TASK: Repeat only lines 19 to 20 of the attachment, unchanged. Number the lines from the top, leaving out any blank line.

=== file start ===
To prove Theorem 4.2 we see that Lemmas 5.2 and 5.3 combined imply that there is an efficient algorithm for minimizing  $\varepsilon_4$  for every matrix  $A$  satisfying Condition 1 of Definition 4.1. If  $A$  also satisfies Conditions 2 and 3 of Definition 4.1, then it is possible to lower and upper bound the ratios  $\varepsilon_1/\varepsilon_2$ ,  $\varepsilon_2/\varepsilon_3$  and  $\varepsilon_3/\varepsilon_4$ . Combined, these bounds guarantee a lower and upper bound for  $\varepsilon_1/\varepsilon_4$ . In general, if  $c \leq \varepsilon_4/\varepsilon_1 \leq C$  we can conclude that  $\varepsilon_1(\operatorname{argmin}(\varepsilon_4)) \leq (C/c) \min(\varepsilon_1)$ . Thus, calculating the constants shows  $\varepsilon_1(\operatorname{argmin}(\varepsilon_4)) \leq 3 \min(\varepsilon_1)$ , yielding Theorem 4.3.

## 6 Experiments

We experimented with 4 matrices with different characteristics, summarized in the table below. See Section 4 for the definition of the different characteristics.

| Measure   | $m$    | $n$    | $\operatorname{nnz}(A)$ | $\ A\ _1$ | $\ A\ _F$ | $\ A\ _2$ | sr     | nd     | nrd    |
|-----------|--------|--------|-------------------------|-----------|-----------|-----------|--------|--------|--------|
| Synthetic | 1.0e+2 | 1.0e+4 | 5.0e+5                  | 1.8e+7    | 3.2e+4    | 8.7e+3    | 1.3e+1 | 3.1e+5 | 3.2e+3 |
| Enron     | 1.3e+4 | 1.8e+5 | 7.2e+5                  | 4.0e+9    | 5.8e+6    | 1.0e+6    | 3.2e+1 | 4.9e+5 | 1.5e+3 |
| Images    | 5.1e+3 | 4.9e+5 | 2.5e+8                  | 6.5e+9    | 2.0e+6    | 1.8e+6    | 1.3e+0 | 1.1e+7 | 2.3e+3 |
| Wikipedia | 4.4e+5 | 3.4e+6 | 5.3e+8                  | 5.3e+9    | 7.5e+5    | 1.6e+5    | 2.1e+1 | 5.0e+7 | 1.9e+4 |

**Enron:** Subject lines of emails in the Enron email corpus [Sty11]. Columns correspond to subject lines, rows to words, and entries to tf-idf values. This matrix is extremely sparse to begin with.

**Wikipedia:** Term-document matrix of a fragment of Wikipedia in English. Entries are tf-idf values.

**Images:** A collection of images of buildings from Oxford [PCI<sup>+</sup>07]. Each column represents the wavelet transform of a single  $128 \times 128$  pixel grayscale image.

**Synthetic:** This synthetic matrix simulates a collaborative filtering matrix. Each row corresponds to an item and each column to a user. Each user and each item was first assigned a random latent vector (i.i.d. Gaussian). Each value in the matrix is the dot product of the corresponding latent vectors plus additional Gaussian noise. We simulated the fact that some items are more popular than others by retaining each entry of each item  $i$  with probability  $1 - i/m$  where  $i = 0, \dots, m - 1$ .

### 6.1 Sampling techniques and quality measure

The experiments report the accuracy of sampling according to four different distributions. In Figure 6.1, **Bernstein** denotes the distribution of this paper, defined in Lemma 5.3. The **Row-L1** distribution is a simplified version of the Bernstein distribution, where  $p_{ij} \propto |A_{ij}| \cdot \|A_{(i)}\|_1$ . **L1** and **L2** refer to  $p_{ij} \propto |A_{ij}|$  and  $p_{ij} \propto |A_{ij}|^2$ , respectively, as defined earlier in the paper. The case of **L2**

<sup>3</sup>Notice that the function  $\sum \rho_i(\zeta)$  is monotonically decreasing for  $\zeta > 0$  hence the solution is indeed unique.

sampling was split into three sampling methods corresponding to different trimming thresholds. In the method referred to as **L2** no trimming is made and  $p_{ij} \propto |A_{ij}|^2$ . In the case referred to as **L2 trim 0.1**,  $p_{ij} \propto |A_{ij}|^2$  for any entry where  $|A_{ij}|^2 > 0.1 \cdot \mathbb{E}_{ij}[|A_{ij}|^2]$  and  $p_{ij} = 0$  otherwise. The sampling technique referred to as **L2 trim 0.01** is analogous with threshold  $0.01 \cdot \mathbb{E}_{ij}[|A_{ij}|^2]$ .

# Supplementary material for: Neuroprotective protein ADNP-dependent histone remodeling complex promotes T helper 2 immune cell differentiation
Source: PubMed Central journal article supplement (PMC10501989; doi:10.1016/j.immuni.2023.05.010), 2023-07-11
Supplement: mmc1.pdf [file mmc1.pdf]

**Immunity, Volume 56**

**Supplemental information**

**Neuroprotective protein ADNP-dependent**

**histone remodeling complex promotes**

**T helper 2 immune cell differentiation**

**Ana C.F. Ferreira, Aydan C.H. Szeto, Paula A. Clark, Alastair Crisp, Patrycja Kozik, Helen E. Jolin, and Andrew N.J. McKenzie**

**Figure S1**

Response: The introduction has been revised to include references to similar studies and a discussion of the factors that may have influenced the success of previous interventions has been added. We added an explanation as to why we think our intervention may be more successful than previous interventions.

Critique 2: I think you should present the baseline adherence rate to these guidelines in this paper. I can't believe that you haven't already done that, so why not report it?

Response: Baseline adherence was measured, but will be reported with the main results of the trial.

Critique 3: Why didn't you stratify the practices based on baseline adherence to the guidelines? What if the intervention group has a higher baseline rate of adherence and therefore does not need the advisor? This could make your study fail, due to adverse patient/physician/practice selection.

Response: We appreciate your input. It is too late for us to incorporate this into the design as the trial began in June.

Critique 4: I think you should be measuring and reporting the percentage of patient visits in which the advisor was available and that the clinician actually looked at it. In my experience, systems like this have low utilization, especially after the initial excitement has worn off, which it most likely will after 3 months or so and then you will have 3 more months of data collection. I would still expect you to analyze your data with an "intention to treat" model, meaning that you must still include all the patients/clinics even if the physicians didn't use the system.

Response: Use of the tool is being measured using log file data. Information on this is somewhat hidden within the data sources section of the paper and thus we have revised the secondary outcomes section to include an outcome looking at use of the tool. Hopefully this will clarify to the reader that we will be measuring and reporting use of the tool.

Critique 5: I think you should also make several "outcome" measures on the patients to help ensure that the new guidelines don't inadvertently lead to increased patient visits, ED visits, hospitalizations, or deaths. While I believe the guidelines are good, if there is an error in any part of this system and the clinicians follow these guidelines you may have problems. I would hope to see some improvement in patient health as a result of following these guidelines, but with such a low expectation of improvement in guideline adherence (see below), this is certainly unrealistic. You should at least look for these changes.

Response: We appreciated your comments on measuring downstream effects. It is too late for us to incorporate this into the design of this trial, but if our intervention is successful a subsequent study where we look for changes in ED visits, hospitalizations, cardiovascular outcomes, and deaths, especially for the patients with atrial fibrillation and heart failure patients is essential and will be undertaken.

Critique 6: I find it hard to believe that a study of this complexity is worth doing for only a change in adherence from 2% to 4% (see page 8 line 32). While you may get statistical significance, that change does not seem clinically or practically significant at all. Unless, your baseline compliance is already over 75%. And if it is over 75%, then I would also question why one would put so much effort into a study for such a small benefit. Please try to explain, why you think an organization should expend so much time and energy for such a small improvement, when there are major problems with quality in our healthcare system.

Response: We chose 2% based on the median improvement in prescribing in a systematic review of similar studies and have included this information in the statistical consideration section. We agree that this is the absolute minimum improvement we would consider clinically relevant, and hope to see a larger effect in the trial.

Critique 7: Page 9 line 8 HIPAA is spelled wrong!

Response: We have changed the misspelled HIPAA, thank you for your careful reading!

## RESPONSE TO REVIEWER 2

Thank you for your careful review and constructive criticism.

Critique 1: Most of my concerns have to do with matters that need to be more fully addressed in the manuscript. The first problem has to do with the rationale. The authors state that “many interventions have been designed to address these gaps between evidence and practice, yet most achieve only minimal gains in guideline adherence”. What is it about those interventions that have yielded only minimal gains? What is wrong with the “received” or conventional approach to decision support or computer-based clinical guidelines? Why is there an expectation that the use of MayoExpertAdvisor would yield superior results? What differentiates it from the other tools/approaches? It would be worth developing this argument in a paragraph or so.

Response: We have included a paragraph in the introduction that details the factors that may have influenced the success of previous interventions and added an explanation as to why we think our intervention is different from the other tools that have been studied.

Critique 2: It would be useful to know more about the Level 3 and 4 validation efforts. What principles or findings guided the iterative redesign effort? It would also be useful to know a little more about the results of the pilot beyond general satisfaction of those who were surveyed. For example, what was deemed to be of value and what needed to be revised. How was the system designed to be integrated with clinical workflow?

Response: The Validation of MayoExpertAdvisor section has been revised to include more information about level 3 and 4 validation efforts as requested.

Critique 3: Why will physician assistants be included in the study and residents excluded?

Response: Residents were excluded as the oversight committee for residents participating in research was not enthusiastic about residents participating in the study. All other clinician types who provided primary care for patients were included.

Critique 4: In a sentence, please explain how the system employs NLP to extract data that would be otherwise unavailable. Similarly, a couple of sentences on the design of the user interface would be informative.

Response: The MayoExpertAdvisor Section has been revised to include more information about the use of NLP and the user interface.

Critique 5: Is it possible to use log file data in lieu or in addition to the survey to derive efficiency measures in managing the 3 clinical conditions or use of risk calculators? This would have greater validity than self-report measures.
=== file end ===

Source: PubMed Central journal article supplement (PMC10501989; doi:10.1016/j.immuni.2023.05.010), 2023-07-11
Supplement: mmc1.pdf [file mmc1.pdf]